This year I got the great opportunity to work with fellow apparel design and fiber science students in a sustainable fashion project funded by the Environmental Protection Agency under the supervision of Professor Tasha Lewis, Dr. Park, and Dr. Netravali. The project fused sustainable design theory, upcycling–the process of adding value to cast off, second-hand materials–with practice, in our partnership with a sustainable fashion company “Local Buttons.”
Our industry partner, “Local Buttons” is striving to reach “people, planet, profit” goals, and our work sought to help them maintain long-term success. “Local Buttons” currently provides employment and fair wage opportunities for Haitian tailors and seamstresses. This is distinct from previous North American clothing brands that have outsourced simple cut-and-sew t-shirt labor to Haiti. “Local Buttons” helps nurture the creative agency of Haitian tailors and seamstresses with an emphasis on skilled sewing and tailoring. Workers also have opportunities to keep constructed samples. “Local Buttons” is also helping reduce the amount of textile waste generated in Haiti’s second-hand market since the amount shipped from North America exceeds the consumer demand. “Local Buttons” sells their clothing primarily in Canada and is reaching a U.S. market.
In our work, we sought to help them standardize their production process with a standard sizing system, and also help them reach a zero waste landfill solution with textile waste recycling strategies. Please see the a short description of our work here. From the apparel side, we created patterns, mock ups, a digitized grading system for sizes XS to XL, and created jacket and skirt samples for the factory to use. From the fiber science side, we conducted fiber analysis, suggested low-tech fiber identification strategies for the factory setting, developed a prototype machine that could shred small fabrics for recycling, and created upcycled accessories.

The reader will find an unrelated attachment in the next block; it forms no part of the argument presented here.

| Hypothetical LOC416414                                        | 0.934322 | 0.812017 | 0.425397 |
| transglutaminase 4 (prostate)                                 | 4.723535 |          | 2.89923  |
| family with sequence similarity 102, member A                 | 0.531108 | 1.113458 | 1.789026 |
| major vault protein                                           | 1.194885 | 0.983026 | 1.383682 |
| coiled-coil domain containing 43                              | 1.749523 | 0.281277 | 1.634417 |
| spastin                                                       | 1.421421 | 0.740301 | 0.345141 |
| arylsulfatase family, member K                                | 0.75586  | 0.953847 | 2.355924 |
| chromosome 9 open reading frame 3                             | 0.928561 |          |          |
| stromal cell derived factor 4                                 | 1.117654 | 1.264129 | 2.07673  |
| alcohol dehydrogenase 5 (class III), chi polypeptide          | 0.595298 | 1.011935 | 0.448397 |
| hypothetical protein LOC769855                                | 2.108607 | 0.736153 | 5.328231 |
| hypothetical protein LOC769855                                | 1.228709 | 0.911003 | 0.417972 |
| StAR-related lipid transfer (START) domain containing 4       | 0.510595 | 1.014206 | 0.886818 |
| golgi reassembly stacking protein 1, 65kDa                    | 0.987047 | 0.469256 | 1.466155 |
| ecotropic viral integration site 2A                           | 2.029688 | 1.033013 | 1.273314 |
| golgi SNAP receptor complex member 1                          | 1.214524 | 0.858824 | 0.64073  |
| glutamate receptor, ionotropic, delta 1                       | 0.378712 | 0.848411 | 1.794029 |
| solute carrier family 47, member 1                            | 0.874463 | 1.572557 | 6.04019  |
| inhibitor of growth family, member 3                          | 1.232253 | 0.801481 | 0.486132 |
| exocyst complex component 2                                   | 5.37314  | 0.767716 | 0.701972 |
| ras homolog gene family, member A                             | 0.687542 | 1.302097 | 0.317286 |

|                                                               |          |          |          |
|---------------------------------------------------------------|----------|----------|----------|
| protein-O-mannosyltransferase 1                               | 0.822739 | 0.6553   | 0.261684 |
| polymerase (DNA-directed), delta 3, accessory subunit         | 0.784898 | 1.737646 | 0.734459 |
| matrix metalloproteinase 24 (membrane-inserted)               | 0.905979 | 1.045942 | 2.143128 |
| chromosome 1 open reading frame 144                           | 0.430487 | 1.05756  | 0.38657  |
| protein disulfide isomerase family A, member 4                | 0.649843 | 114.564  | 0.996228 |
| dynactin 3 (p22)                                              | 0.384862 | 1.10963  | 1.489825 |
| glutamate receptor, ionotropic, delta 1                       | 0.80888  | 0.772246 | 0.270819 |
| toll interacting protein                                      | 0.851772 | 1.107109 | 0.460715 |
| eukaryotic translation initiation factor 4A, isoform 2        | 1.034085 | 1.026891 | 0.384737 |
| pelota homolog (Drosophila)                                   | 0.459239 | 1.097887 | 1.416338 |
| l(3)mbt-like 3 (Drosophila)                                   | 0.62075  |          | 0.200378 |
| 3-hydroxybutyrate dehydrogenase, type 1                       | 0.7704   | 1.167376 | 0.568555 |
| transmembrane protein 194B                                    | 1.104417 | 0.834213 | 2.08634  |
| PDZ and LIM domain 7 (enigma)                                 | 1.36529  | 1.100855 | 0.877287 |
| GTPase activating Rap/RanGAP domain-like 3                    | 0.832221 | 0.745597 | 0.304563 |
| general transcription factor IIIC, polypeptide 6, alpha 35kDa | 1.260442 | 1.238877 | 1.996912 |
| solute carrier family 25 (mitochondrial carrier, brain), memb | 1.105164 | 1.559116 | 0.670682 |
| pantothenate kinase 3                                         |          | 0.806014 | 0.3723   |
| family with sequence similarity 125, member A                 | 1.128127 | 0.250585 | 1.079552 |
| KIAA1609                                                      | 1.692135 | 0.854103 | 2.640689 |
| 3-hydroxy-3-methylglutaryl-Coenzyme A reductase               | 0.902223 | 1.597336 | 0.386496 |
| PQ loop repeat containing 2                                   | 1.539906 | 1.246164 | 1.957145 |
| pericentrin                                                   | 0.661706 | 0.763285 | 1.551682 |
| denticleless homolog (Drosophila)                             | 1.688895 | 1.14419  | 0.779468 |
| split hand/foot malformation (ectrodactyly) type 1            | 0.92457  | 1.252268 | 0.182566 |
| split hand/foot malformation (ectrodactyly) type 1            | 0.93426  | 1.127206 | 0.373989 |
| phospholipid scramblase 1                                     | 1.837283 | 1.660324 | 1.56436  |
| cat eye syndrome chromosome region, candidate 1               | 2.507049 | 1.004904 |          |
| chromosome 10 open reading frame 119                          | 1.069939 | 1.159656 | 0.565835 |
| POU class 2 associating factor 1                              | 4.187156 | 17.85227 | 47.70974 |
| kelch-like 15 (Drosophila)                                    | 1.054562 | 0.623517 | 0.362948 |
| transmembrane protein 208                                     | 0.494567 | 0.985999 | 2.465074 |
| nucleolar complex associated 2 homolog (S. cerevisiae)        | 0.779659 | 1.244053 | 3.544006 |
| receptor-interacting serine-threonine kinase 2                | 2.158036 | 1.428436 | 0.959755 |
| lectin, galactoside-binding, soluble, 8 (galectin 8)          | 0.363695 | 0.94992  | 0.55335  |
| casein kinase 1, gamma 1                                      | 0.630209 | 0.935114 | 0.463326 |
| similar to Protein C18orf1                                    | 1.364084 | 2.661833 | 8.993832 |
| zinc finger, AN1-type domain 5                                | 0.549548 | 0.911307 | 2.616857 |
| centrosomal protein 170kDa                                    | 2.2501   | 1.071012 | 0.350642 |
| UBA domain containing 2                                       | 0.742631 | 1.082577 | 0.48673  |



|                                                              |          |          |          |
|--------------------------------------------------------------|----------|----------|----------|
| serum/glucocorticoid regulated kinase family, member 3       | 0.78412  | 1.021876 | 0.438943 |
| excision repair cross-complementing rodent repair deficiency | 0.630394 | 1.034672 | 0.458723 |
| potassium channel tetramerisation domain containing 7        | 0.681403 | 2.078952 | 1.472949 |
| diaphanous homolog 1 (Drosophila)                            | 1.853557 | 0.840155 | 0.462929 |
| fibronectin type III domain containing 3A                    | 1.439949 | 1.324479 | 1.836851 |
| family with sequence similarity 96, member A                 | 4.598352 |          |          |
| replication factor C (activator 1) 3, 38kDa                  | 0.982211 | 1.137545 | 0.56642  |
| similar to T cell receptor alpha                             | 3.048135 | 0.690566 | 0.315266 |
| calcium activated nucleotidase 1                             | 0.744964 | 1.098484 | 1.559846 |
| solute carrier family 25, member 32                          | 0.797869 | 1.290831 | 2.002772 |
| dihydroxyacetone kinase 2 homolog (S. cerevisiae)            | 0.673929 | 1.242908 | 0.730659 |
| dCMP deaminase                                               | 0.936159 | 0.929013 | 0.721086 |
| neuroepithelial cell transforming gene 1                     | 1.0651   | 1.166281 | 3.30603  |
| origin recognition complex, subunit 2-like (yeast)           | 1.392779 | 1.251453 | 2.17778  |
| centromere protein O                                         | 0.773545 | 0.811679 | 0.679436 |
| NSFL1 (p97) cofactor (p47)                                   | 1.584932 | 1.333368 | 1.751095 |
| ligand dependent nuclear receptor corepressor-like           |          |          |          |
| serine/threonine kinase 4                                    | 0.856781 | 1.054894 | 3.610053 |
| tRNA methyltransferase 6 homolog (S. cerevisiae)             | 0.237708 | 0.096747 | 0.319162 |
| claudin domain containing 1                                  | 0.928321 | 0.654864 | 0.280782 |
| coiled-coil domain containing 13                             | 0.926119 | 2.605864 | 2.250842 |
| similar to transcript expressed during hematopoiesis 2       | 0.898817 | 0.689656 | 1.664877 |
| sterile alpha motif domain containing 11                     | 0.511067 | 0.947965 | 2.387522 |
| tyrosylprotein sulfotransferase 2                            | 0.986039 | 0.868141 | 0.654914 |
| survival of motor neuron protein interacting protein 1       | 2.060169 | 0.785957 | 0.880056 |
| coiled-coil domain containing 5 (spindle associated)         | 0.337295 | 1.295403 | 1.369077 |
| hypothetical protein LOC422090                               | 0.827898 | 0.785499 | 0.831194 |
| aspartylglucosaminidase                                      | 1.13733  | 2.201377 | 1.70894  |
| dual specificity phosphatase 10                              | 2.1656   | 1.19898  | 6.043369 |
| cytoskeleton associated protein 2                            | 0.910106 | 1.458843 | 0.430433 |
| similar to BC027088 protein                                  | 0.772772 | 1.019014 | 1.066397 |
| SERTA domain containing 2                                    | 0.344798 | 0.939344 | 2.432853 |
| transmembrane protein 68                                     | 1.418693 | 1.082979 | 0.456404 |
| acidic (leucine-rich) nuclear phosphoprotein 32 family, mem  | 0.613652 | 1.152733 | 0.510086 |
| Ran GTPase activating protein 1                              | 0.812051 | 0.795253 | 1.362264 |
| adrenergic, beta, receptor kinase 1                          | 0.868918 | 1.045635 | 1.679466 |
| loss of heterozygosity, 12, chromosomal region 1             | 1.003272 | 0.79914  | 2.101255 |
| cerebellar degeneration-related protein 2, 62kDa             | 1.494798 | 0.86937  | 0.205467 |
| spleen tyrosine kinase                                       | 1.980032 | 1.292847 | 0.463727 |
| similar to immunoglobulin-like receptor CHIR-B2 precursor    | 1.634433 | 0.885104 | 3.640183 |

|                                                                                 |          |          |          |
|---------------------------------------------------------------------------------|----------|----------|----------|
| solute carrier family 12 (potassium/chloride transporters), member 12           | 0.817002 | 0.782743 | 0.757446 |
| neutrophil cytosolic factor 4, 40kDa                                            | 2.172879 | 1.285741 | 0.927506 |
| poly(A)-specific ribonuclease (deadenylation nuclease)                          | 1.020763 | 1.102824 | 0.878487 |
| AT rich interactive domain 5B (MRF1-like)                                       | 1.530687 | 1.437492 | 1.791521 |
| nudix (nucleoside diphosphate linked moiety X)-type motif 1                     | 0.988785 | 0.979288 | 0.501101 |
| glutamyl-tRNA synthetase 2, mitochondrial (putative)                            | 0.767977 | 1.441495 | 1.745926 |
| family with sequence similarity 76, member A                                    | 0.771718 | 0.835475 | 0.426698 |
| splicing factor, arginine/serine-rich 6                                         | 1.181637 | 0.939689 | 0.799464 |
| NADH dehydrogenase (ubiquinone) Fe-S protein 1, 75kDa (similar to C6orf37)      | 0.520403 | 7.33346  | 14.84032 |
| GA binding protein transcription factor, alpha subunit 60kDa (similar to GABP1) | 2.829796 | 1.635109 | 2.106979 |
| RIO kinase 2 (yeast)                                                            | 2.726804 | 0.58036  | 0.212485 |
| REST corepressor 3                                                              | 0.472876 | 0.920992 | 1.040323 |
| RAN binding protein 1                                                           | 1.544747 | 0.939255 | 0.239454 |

We presented our work to a broad audience at the EPA “People, Planet, Profit” Expo during the USA Science & Engineering Festival. Audience members included academia and the general public. People were very interested in our process of upcycling second-hand clothes for a mass-production scale. They also enjoyed our “mini-factory” demonstration from clothing deconstruction to fiber identification with low-tech microscopes. Special thanks to Catherine Devine, John Stager, and Charles Beach for their assistance and support.